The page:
Now that bitcoin has subsided from speculative bubble to functioning currency (see the price chart below), it’s safe for non-speculators to explore the whole “cryptocurrency” thing. So…is bitcoin or one of its growing list of competitors a useful addition to the average person’s array of bank accounts and credit cards — or is it a replacement for most of those things? And how does one make this transition?
With his usual excellent timing, London-based financial writer/actor/stand-up comic Dominic Frisby has just released Bitcoin: The Future of Money? in which he explains all this in terms most readers will have no trouble following. As you’d expect from someone who uses words to amuse as well as educate, Frisby’s prose is informal and fluid and occasionally very funny, with lots of first-person anecdotes.
The message, however, is fairly serious: Bitcon is, just maybe, a new and better form of money, an emerging homo sapiens to the dollar’s Neanderthal. As such it’s potentially transformational.
So let’s start with a little background: Bitcoins are created (or mined) when computers solve certain kinds of mathematical puzzles. The number of bitcoins outstanding is designed to grow at a predetermined rate for a predetermined period, making its supply both limited and predictable (in contrast to fiat currencies that multiply at the whim of central bankers and politicians). And the currency can be transferred online quickly and cheaply, bypassing the traditional banking/credit card nexus.
Frisby spends the first half of his book telling the story of how bitcoin came to be, featuring the author’s attempts to track down the currency’s enigmatic creator, Satoshi Nakamoto (generally believed to be either an individual super-genius polymath or some sort of libertarian programmer collective). Frisby concludes that it’s the former and claims to have found him. You’ll have to read the book for that revelation.
He also profiles some of the early players in the bitcoin ecosystem. Silk Road, for instance, was briefly the Amazon.com of online drug sales until it was shut down by the authorities — and then subsequently reemerged in various forms around the world. Meanwhile, a lot of early adopters made and lost some serious money during bitcoin’s initial price spike:
One student from Norway bought $27 worth in 2010 while studying for his degree. He forgot about them, and then remembered them three years later. That $27 had turned into $670,000. He sold half through MtGox and half through Bitcoin-24. He managed to get the money out of MtGox and bought a flat in Oslo. But the German authorities seized Bitcoin-24. With it went half of his fortune. ‘I’m not so worried about that,’ he says. Another coder from Wales mined 7,500 bitcoins and then threw away his laptop. He spent many hours trawling the local rubbish dump trying to recover his fortune – without success. Martti Malmi bought a beer from his friend for 10,000 Bitcoin. His mate would later use those coins to buy a prime residence in central Helsinki. Lily Allen was offered 100,000 bitcoins to perform on 3D chat website Second Life. She turned it down. That became, at one stage, a 100 million dollar fortune on which she missed out. Olivier Janssens now flies from London to his new home in Monaco by private jet – paid for in bitcoins.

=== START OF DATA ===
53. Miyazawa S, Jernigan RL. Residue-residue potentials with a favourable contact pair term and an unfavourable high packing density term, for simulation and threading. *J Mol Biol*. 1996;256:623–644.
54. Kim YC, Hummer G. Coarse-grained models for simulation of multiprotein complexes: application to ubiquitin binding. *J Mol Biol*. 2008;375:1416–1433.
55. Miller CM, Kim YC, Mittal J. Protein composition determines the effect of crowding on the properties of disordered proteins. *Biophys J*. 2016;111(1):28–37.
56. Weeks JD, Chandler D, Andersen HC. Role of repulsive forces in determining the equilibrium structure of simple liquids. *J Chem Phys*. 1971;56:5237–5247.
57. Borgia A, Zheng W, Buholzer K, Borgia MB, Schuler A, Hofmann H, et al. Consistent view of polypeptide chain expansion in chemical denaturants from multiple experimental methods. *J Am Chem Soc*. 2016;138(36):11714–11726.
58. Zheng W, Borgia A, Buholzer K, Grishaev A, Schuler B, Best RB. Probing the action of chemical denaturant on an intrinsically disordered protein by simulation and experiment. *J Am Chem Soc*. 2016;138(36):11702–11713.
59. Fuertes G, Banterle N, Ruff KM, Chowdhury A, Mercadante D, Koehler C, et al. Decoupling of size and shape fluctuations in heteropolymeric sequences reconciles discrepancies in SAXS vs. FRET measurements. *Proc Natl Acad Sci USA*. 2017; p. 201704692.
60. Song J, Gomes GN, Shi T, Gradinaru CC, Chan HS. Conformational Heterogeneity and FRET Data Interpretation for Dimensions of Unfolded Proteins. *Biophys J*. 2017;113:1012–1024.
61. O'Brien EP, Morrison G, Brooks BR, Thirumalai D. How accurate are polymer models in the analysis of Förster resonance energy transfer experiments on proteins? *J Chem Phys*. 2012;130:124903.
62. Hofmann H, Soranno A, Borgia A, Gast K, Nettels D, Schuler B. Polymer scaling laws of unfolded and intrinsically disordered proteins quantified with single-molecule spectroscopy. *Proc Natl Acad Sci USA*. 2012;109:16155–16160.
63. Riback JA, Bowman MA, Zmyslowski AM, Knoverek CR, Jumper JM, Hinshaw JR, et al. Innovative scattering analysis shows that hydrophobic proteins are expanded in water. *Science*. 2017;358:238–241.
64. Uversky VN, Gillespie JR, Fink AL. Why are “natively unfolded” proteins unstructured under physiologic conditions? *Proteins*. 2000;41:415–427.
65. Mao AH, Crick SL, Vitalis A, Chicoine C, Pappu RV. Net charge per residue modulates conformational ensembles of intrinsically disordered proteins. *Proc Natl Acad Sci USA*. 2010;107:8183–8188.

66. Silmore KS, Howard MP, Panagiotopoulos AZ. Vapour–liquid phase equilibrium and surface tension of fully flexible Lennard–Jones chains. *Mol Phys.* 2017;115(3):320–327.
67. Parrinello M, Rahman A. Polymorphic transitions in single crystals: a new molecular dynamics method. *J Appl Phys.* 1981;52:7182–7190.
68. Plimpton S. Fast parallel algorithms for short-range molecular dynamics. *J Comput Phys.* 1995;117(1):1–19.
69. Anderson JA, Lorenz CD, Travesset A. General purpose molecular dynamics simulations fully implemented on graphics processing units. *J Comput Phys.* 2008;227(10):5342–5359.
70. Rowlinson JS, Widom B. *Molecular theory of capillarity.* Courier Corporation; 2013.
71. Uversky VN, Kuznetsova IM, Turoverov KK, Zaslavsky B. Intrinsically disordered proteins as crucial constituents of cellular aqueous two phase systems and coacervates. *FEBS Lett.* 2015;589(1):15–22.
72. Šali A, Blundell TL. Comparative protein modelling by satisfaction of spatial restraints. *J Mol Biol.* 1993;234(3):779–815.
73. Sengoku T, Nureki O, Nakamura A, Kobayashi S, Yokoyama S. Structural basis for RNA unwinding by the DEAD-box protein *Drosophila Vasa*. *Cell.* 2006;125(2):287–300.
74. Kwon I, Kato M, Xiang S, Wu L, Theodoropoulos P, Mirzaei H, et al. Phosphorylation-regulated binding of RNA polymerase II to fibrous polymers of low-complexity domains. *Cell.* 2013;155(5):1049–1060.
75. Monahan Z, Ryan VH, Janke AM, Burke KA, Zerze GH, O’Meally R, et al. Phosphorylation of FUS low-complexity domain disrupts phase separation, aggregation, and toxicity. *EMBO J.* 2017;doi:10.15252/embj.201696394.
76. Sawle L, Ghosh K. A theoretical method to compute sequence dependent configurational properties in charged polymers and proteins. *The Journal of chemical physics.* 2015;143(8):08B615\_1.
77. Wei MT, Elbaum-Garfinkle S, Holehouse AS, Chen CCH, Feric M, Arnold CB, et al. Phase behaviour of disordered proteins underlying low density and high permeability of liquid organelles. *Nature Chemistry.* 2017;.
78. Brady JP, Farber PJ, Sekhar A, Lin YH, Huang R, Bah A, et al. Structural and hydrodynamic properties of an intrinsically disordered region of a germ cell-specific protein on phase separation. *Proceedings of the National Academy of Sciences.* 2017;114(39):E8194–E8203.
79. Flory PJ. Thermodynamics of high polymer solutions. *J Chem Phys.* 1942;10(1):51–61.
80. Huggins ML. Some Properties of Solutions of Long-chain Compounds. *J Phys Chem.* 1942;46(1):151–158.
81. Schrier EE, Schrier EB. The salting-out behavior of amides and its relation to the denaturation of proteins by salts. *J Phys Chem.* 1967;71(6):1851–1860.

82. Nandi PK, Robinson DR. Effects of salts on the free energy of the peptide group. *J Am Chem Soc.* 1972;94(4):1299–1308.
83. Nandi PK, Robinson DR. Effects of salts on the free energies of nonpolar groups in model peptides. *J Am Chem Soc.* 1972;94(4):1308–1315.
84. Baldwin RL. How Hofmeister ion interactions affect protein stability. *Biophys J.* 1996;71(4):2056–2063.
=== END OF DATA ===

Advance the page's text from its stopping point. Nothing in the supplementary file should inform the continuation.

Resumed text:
Here’s the promised chart of bitcoin’s explosive rise and subsequent decline to what looks like a stable valuation:
The second half of the book covers the impact of cryptocurrencies on the old, corrupt financial order. Frisby concludes, rightly, that today’s fiat currencies are pale, dysfunctional shadows of yesterday’s sound money and that this corruption is the main cause of our descent into debt-driven chaos. Cryptocurrencies, meanwhile, have the potential to usher in an age of high-tech sound money that puts future governments and mega-banks in their (much more humble) place.
From the chapter titled “Why Bitcoin is a libertarian Utopia”:
The ability for a government to fund itself through the manipulation of money disappears. You can’t obfuscate bitcoin supply. You can’t ‘quantitatively ease’ bitcoins. Governments – without a very aggressive and potentially impractical bitcoin confiscation scheme – will struggle to use your bitcoins to bail themselves out. Defcit spending becomes impossible – you can’t spend bitcoins you don’t have. Central and private banks can’t create bitcoins when it suits them, and governments can’t print bitcoins (they’d have to compete to mine coins along with everyone else).
From Why “Bitcoin will end the war on drugs”:
People are always going to want to buy drugs. Bitcoin is enabling them. Unless the authorities launch a War on Bitcoin – which due to its decentralized nature will be a very hard war to win – it seems they will lose the War on Drugs once and for all. Bitcoin may be what ends it.
These are of course controversial predictions and before they come true lots of questions will have to be answered. For instance:
When the empire inevitably strikes back, what will the world’s central banks and intelligence services do to squash and/or co-opt cryptocurrencies, and how will these actions affect the functioning and value of bitcoin and its peers?
Which cryptocurrency will win out? Besides bitcoin there are hundreds in existence already and several, including Litecoin and Dogecoin, are gaining traction. What would the emergence of one or two winners do to the utility and monetary value of the others?
By decade’s end we’ll know the answers. In the meantime this is a great place to start.